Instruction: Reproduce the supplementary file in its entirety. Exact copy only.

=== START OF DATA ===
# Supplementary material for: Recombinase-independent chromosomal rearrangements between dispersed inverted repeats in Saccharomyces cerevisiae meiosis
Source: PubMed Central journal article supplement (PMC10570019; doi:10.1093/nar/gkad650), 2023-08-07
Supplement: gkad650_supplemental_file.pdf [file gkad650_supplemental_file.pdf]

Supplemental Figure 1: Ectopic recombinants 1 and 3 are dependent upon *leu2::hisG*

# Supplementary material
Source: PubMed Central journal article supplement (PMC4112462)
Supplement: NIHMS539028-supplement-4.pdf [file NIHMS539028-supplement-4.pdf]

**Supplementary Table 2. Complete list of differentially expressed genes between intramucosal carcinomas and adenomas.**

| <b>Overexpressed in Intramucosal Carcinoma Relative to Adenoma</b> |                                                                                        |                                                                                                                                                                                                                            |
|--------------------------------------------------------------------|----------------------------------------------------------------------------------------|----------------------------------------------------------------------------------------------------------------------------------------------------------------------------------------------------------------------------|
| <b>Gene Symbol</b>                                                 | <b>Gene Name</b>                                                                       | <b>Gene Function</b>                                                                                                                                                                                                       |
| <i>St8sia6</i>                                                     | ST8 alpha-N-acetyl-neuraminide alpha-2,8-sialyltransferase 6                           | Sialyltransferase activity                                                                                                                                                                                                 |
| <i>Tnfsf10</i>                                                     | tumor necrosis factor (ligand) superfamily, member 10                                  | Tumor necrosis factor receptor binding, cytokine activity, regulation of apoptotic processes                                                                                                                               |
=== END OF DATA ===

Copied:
# Supplementary material for: Recombinase-independent chromosomal rearrangements between dispersed inverted repeats in Saccharomyces cerevisiae meiosis
Source: PubMed Central journal article supplement (PMC10570019; doi:10.1093/nar/gkad650), 2023-08-07
Supplement: gkad650_supplemental_file.pdf [file gkad650_supplemental_file.pdf]

Supplemental Figure 1: Ectopic recombinants 1 and 3 are dependent upon *leu2::hisG*

# Supplementary material
Source: PubMed Central journal article supplement (PMC4112462)
Supplement: NIHMS539028-supplement-4.pdf [file NIHMS539028-supplement-4.pdf]

**Supplementary Table 2. Complete list of differentially expressed genes between intramucosal carcinomas and adenomas.**

| <b>Overexpressed in Intramucosal Carcinoma Relative to Adenoma</b> |                                                                                        |                                                                                                                                                                                                                            |
|--------------------------------------------------------------------|----------------------------------------------------------------------------------------|----------------------------------------------------------------------------------------------------------------------------------------------------------------------------------------------------------------------------|
| <b>Gene Symbol</b>                                                 | <b>Gene Name</b>                                                                       | <b>Gene Function</b>                                                                                                                                                                                                       |
| <i>St8sia6</i>                                                     | ST8 alpha-N-acetyl-neuraminide alpha-2,8-sialyltransferase 6                           | Sialyltransferase activity                                                                                                                                                                                                 |
| <i>Tnfsf10</i>                                                     | tumor necrosis factor (ligand) superfamily, member 10                                  | Tumor necrosis factor receptor binding, cytokine activity, regulation of apoptotic processes                                                                                                                               |